The Deloitte Football Money League released their 2008-09 annual findings today, and there is considerable food for thought for fans of Liverpool Football Club.
This league ranking is based on clubs’ revenues, excluding income generated from player transfers, and it makes for an interesting read despite the obvious time lag in these figures due to accounting procedures.
However, some fans may be surprised to find that the Reds are fairly well placed in the order of world club football’s so called "rich-list," given all the negativity surrounding the club’s finances.
Liverpool Football Club are a surprising seventh on the "rich-list" league table, and saw revenue rise 11 percent to £184.8M.
This seems to fly in the face of all the bad press that has dogged the club since its takeover by George Gillett and Tom Hicks. Gillett and those on the board of the club maintained that the club is financially sound despite all the so-called debt issues that have been splashed across the tabloids.
The fact the Liverpool Football Club are ranked seventh and have seen a healthy increase in their revenue is commendable. However, before any champagne bottles can be uncorked, it must be remembered that these are only revenue figures, and therefore do not take into consideration any costs of running the club.
These costs would of course include the servicing of the club’s debt. Hence, this revenue goes towards running the club and of course, to pay off its debt or the debt's interest.
However, the main emphasis of this article is not Liverpool’s healthy standing amongst world football’s elite clubs. It is more about what it could be or maybe, what it should be.
The real winners here in the latest "rich list league are Arsenal Football Club (£224.0M). They have leapt past London neighbours Chelsea (£206.4M), and are smartly place in fifth place.
Arsenal cannot compete with those clubs above them such as Real Madrid (£341.9M), Barcelona (£311.7M), Manchester United (£278.5M), and Bayern Munich (£246.6M) in terms of the club’s brand on the worldwide stage, or the fact that Spanish clubs are able to negotiate their own individual television rights.
The real flag ship in the Gunners' revenue-generating locker, and the sole attributable factor in their surge to become the capital’s highest revenue generator is Emirates Stadium.
Stunningly in the 2008-09 season, the Gunners’ modern arena generated more match-day revenue than any other club in the world!
Pure and simple, the benefits of Emirates Stadium are there for all to see.
Speak to any football pundit, analyst, or economist and they will all tell you the same thing: The best thing Arsenal Football Club ever did—when it came to securing their long term future on the top table of world club football—was to invest in their new stadium.
It's no coincidence that the top five clubs have the largest stadia capacity; Real Madrid (80,000), Barcelona (98,000), Manchester United (76,000), Bayern Munich (70,000), and Arsenal (60,000).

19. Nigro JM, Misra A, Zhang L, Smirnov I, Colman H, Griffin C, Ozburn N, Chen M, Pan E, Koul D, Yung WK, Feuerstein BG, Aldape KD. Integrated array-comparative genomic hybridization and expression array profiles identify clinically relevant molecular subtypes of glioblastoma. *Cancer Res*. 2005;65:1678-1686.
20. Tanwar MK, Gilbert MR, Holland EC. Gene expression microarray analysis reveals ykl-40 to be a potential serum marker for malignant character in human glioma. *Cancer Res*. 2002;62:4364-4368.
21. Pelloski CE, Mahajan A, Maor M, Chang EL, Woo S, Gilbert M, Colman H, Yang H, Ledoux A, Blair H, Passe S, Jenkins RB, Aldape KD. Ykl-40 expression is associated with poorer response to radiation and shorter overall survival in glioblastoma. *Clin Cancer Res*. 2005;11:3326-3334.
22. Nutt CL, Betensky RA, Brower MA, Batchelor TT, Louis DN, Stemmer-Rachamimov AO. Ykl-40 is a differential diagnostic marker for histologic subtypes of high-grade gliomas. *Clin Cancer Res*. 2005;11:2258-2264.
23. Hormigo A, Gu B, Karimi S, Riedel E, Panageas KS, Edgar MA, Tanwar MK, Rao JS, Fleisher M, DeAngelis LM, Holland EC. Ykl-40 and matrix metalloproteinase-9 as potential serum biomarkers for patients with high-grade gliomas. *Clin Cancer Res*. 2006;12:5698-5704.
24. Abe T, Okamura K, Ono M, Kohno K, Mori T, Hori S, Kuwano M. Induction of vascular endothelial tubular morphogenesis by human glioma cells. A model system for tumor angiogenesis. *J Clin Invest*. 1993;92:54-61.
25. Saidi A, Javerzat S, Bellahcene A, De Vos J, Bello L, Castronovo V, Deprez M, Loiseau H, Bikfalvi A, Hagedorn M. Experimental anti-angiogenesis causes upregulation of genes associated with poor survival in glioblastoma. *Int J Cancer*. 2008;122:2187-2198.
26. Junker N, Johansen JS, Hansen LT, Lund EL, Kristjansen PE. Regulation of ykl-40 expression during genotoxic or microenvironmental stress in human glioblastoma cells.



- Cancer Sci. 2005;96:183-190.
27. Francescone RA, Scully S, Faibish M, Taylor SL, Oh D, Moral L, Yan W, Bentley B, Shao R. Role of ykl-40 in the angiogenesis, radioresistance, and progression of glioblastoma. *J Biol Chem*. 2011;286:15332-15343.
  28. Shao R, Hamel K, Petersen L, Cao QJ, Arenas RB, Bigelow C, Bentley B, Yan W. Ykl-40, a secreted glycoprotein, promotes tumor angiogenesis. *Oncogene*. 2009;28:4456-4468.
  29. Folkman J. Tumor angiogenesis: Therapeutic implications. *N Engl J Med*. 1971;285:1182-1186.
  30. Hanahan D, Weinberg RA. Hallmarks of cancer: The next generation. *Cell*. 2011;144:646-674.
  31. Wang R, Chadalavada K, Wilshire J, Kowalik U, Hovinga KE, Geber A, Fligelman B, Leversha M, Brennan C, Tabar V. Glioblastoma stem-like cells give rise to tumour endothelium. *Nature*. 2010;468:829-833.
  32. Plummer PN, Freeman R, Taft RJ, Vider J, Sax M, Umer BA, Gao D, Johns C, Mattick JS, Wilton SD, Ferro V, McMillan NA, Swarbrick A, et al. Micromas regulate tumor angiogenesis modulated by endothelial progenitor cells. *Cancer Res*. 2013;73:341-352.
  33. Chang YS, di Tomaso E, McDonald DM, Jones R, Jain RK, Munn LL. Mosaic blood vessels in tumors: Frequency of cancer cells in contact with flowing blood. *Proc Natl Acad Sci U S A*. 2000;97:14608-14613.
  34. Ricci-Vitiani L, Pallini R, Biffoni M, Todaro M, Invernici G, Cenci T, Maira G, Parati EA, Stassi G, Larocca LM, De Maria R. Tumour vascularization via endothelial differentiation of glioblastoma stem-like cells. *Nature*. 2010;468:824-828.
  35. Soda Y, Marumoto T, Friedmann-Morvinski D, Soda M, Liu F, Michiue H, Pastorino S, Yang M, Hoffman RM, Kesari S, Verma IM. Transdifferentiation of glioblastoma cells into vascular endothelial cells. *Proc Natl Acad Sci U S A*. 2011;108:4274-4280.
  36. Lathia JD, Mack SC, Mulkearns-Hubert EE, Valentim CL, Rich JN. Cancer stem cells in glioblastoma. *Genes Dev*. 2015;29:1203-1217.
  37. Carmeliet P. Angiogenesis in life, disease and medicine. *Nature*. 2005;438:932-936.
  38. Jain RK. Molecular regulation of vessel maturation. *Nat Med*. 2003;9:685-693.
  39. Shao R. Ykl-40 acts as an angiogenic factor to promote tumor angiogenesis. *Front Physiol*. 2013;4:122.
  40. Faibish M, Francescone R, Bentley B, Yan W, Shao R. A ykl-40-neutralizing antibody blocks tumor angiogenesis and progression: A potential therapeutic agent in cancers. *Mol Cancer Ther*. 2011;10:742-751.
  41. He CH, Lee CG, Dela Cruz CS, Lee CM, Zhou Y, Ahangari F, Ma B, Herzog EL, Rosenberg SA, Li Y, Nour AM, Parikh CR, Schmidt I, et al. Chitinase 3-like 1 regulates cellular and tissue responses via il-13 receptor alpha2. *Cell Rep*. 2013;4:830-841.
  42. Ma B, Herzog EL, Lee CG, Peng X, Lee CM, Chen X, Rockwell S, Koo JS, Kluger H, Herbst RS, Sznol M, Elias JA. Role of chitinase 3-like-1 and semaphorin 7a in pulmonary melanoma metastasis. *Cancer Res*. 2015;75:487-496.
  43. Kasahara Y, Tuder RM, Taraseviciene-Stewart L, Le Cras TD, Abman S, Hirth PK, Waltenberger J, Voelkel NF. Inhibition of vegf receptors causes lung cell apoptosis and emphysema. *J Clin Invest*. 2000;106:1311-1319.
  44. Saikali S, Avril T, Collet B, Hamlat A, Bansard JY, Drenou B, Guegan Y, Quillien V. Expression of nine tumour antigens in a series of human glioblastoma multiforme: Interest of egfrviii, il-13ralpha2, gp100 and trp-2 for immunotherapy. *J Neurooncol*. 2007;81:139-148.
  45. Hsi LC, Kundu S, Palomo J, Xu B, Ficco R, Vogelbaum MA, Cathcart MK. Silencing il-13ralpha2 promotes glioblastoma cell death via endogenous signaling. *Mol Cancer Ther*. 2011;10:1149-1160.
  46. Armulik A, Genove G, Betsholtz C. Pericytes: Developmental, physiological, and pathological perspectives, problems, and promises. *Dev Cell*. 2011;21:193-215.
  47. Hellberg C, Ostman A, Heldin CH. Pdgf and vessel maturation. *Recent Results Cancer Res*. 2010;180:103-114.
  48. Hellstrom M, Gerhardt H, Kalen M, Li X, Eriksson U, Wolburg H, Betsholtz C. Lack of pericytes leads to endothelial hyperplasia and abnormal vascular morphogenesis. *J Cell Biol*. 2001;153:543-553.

When it comes to match-day revenue, Liverpool Football Club generates over £50M a season less than Manchester United and Arsenal. This is directly attributed to the capacity of Anfield being far less than Emirates Stadium and Old Trafford.
Dan Jones, partner for Deloitte’s Sports Business Group, puts it quite bluntly, "When compared to Arsenal, Chelsea, and Manchester United, it is the area of match-day revenue where Liverpool noticeably fall short of their rivals.
“Liverpool made £42.5 million in match-day revenue whilst Manchester United and Arsenal—with their bigger stadium capacity—made more than £100 million.”
Clearly, the lack of a stadium with a capacity to rival Emirates and Old Trafford is hindering the Reds' progression, not only as a business entity, but also its competitiveness on the pitch.
Liverpool Football Club’s managing director, Christian Purslow, is fully aware of this issue and has been actively seeking new investments for the club, and such money earmarked for the proposed new stadium in Stanley Park.
With every passing game, Liverpool Football Club fall further, and further behind their rivals in terms of financial strength and hence, competitiveness on the field of play.
When George Gillett and Tom Hicks galloped into Anfield, there was a promise that they brought with them a bright new future—the centre-piece of which was an impressive new modern stadium befitting a club of Liverpool’s stature.
And a stunning design was indeed unveiled and is sadly all it currently is—a design, no more. Investment in the club to transform this design into a reality must be found. It must be the main priority for the owners and board members.
If Liverpool Football Club is to become a powerhouse in world football, it is patently evident that a new stadium is the fundamental foundation of this progression.
The longer it takes for the new stadium to be constructed, the further behind the Reds will fall financially. As is becoming evident, this has serious repercussions on the pitch, where the club will ultimately be judged.